It’s never easy to get a handle on discussions inside China’s Communist party—debates that reveal the thinking of Chinese officials, as well as the parameters and direction of policy. There’s so much about the political system here that is opaque at best, closed to outsiders, and frequently tough to get a clear sense of.
But it’s not impossible.
In Chinese politics, words are actions. What’s presented in State-controlled media reflects attitudes and arguments among officials about policy options, about the trajectory of the Party and the country. Editorials are issued to instruct other departments and lower levels about what Beijing is thinking and why, and sometimes to air alternatives. There’s substantial diversity and dissent in commentaries and essays, as well as the current Party line. And it should provide important indications of arguments in the run-up to this year's 19th Party Congress.
Obviously, if one presumes that Chinese politicians struggle for power and are driven to pillage; that leaders only want loyalty and loot; and that’s what the 19th Party Congress will focus on—Xi securing power (finally, after many light years)--then it’s a waste of time to actually read what’s in the Party media.
But that's absurd, because seeing what officials and their advisors are writing about allows one to begin to capture and comprehend the state of the debate in China—what’s seen by cadres as pleasing, and what’s viewed as worrying.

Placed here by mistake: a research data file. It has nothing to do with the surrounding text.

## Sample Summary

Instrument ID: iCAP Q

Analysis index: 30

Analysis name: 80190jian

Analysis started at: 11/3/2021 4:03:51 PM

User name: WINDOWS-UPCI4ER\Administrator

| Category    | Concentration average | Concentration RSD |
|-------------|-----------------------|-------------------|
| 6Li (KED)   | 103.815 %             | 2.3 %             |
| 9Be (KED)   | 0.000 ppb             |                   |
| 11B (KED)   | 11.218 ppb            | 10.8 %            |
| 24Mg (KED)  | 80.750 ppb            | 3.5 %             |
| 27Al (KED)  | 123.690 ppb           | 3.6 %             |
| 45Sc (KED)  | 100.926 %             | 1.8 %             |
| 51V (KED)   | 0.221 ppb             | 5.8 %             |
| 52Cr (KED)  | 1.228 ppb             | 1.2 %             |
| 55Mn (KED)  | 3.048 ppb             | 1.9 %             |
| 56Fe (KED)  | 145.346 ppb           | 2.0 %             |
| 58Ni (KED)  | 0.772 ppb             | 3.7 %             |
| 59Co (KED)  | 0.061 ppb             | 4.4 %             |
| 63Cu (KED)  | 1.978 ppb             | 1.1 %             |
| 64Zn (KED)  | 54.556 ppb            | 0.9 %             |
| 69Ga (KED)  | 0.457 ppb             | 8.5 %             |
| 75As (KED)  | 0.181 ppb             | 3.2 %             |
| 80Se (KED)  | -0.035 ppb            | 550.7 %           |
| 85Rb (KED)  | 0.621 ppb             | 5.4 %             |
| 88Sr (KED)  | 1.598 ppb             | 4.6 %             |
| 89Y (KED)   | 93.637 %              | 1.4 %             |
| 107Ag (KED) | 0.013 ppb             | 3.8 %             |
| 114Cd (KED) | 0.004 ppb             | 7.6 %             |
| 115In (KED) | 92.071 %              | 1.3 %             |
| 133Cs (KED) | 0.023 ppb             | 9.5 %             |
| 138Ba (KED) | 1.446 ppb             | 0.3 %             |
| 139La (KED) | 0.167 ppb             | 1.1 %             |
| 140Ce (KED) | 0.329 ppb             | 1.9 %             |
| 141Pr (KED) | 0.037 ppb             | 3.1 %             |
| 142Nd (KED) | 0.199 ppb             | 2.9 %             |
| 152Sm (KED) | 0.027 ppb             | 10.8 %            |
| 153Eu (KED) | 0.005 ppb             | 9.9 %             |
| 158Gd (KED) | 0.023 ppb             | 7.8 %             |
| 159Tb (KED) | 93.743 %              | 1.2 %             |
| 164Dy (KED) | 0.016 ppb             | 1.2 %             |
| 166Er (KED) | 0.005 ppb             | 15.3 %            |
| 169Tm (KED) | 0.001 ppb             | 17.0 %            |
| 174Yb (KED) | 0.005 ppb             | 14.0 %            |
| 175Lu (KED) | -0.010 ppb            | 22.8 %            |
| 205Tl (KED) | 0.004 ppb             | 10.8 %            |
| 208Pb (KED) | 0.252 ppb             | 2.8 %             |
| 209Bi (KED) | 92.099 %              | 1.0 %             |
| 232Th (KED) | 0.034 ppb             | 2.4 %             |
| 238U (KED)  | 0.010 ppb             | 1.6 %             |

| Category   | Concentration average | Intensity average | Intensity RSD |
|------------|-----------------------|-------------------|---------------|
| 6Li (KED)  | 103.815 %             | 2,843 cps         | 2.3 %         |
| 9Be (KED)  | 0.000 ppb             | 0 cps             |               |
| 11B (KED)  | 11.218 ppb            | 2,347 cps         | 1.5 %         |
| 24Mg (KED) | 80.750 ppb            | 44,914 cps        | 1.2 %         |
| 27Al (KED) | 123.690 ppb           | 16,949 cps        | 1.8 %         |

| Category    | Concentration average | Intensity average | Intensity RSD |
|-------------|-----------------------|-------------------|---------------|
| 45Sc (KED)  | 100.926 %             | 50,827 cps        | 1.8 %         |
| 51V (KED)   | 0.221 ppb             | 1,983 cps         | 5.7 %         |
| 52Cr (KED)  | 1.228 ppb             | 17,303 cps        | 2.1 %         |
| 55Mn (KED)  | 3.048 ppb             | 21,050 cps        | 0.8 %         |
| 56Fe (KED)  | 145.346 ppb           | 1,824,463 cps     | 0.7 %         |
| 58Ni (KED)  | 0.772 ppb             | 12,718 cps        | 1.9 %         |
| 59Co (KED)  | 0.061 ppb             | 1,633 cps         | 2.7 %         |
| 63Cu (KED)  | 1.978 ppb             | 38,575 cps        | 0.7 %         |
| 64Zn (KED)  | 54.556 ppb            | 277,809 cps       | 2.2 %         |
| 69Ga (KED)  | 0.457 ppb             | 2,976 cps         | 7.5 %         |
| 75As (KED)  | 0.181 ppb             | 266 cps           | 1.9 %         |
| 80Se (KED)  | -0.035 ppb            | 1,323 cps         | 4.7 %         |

One example of the latter is an editorial that was carried in Nanjing Daily and some other papers earlier this month, and republished in some Party media outlets since then.
The editorial’s author is Shi Zhongquan [石仲泉], former Deputy Director of the Central Party Research Office, an arm of the Central Committee that’s responsible for collecting information and issuing policy recommendations for the political leadership. Shi is ostensibly retired, but no high-level cadre in China ever is: He’s written on the Long March and its legacy, and his essays are clearly authoritative, reflecting what at least some Party advisors think are major issues of the day. When Shi writes, others are sure to read.
Shi argues in the editorial that there are currently three major misunderstandings among some Party members concerning how the organization is run—“errors [误识] in thinking…that need to be clarified.”
That's Party-speak for "there's a problem here that still hasn't gone away."
The first misimpression is the belief among some in the Party rank-and-file that the current pressure on cadres is never going to end [压力没完论]--that its “endless character” is seen as detrimental to members and thus, the Party itself.
Continuing with strict oversight and supervision—enhanced Party discipline—is crucial, Shi contends, because history and recent years have shown that without rigorous regulation of officials, waste and corruption results. Shi insists that there’s no need for cadres to keep looking over their shoulders, so long as they retain a regular daily work routine and attend to their responsibilities as Party members. The "endless nature" of the crusade is necessary because the problems being faced are profound.